Lockheed P-38 Lightning Marge
Lockheed P-38 Lightning Marge Nose Art
Flown by Maj. Richard I. Bong
Dimensions: 30" x 22"
Overshadowed by the P-47 Thunderbolt and the P-51 Mustang. The P-38 Lightning Marge played a major role in air superiority for the United Staes in the Pacific theater.
The P-38 engaged in a variety of important and critical missions during WWII.
One of the most incredible and famous ones happened on April 28, 1943. A squadron of P-38 pilots pulled one of the most spectacular coups of World War II. Flying to the greatest range of their combat limits.
They shot down a Japanese Mitsubishi G4M1 bomber with Admiral Yamamoto Isoroku on board. Admiral Yamamoto Isoroku was commander in Chief of the Japanese Combined Fleet. He had planned the attack on Pearl Harbor.
This strike had a major moral buster for the United States and its Allies.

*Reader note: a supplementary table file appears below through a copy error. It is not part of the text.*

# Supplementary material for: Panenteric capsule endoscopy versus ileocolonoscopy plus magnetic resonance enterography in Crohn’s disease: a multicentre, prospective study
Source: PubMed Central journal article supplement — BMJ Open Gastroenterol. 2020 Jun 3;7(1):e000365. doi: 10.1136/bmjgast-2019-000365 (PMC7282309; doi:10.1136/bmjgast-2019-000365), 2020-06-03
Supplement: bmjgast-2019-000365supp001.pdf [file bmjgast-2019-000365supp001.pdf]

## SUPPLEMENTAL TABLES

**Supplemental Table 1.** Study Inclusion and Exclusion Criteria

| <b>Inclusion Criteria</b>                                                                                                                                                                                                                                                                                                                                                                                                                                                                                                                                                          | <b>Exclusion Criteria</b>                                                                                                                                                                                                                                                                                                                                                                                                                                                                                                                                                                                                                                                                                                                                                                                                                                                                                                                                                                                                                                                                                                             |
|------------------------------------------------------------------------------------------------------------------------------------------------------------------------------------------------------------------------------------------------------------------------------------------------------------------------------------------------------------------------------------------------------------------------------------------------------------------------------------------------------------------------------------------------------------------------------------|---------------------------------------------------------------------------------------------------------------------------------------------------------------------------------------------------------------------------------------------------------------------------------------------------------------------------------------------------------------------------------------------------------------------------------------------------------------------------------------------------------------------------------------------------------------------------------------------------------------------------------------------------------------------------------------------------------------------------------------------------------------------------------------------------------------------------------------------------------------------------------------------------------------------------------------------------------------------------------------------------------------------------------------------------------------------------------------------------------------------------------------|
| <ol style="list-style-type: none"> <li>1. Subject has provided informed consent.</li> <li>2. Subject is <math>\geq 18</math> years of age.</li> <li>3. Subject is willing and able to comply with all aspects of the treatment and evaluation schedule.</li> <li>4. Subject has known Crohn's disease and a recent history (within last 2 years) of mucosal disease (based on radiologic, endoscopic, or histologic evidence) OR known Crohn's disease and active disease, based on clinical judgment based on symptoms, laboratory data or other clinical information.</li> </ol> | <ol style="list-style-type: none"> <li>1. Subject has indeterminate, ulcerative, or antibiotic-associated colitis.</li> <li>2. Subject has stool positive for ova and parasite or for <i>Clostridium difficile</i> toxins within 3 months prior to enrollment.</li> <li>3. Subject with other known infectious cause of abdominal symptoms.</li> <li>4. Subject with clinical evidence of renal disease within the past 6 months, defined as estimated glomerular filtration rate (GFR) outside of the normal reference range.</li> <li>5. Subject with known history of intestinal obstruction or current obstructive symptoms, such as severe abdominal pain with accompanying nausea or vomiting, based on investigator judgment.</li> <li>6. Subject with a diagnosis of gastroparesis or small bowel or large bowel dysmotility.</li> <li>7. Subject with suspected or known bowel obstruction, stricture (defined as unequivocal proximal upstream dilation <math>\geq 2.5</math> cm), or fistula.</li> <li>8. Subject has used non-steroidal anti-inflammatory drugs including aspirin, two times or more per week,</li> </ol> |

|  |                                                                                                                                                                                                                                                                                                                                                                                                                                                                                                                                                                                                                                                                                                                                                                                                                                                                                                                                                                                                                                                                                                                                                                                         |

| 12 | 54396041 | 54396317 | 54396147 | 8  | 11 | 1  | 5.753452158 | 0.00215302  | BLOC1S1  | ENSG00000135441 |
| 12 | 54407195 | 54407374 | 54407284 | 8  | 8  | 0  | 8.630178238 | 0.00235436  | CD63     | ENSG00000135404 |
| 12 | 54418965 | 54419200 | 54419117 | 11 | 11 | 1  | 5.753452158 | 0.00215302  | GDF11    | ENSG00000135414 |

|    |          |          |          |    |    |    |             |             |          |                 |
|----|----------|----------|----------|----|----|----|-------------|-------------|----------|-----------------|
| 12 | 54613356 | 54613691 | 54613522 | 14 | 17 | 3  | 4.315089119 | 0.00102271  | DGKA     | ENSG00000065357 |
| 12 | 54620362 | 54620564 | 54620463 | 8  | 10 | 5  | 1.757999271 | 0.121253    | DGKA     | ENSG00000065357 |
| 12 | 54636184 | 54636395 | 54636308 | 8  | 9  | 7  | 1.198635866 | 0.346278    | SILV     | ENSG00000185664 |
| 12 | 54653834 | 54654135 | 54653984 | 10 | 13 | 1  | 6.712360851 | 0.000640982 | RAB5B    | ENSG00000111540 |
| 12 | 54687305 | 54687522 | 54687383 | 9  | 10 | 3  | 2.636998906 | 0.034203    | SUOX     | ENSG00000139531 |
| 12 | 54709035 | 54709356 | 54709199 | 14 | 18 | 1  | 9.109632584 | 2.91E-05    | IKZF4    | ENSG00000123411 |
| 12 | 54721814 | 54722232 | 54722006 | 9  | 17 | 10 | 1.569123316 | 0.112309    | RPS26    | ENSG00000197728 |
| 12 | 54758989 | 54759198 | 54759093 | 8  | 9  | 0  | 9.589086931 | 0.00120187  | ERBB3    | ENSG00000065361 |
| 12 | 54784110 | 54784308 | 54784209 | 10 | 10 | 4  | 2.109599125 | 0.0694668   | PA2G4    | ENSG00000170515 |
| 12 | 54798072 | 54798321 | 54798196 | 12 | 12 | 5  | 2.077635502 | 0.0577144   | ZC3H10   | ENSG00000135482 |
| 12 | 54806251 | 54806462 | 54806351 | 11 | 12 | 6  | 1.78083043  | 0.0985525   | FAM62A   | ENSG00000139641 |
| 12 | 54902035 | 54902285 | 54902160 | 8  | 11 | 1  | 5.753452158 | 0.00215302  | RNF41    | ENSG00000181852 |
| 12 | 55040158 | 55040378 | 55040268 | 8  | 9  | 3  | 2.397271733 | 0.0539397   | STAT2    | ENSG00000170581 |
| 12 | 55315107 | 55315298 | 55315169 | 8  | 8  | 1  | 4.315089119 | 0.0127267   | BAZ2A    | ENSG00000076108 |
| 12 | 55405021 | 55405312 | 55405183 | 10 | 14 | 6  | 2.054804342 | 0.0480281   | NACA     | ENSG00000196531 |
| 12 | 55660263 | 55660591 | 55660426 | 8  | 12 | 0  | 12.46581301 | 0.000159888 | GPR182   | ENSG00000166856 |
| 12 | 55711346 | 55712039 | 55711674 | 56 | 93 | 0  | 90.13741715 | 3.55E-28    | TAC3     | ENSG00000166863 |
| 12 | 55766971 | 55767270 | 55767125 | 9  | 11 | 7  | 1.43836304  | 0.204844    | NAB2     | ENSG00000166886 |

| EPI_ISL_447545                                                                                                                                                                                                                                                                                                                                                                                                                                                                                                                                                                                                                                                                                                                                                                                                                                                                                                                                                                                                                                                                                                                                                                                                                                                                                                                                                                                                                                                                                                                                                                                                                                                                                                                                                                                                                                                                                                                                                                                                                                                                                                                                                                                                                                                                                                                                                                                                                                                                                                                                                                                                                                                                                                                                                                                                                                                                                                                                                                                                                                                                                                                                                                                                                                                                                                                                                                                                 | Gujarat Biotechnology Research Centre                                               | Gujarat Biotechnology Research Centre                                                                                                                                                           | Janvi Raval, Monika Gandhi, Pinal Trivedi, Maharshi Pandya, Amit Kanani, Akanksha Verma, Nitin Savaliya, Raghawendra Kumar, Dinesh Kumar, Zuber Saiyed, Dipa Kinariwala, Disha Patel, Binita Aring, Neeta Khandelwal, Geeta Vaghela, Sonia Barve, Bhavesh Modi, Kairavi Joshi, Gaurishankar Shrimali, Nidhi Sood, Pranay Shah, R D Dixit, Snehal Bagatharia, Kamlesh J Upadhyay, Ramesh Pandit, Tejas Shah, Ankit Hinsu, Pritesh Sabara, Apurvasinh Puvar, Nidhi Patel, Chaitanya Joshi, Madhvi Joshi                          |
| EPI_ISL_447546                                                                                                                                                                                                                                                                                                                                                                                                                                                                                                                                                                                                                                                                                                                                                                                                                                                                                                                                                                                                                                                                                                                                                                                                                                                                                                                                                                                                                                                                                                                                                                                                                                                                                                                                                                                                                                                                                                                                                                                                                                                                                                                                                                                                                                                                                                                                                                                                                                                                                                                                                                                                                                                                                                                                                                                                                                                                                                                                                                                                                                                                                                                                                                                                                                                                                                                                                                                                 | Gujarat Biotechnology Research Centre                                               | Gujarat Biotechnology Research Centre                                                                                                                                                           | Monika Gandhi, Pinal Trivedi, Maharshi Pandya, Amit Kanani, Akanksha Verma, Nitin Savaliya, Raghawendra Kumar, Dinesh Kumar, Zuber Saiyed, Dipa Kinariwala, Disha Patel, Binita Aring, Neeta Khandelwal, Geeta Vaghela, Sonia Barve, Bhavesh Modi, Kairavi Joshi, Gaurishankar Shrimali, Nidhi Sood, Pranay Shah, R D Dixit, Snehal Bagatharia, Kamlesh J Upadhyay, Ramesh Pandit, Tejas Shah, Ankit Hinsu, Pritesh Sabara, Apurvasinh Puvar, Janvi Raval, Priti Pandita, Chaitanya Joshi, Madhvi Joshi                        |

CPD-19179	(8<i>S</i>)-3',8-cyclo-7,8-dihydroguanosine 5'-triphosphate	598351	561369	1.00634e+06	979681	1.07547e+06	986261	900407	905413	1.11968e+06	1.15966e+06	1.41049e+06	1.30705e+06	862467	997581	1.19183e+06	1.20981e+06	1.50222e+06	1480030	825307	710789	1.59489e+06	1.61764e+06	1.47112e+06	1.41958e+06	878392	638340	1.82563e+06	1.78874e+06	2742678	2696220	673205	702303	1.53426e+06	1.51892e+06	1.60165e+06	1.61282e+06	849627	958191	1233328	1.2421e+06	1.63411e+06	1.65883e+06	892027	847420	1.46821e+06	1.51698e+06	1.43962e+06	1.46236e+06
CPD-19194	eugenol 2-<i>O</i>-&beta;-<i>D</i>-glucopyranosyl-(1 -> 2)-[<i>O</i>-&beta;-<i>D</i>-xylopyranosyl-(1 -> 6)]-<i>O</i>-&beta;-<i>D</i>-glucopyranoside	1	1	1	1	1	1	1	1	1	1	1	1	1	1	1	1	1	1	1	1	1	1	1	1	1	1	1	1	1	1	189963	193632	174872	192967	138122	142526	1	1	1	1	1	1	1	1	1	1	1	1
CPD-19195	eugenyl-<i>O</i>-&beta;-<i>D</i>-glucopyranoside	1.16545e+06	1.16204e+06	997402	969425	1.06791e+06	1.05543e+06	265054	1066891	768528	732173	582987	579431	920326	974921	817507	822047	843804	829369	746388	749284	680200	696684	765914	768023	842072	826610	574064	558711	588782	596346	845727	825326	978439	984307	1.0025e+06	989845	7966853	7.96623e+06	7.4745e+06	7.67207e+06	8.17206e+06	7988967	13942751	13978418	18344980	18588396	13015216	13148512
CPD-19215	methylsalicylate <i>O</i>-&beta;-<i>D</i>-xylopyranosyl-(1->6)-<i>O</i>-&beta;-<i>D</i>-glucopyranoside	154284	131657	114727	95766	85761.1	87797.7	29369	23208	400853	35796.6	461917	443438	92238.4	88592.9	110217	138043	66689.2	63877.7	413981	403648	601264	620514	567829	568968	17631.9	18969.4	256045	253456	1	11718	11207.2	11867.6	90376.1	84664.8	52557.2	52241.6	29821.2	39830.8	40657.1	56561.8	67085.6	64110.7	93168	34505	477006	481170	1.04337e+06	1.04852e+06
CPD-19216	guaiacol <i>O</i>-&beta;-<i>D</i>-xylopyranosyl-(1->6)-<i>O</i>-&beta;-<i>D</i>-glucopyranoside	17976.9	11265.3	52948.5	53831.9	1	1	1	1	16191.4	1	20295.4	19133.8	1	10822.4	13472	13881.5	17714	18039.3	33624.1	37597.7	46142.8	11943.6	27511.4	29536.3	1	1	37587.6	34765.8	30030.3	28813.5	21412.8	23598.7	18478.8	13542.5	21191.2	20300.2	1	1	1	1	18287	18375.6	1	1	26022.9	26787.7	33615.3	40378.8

Richard Bong had 40 kills during World War II and became an America's Ace of aces. But in reality, Bong was not a good shot but he was able to make up for it by being a superb pilot with great flying skills.
Bong would fly his P-38 so close to enemy fighters and targets on the ground that it makes it impossible to miss. His ability to outmaneuver his enemy in a dogfight gave him the advantage he needed to assure a victory!
Nose Art – A Trend That Emerged From World Wars
Fighter planes have had mundane looking exteriors since their very beginning. To improve that look, pilots, and crews came up with the idea of painting the sides of their airplanes with vibrant doodles to touch the dull gray aluminum backdrop with a stroke of color. The idea became very popular and soon become infectious. Since 1913, airplanes are seen to fly across the skies wearing attractive artworks that make their aircraft more identifiable than other aircraft. The nose art came out as an iconic one, restoring the shine and luster of the fighter aircraft with the diversified paintings.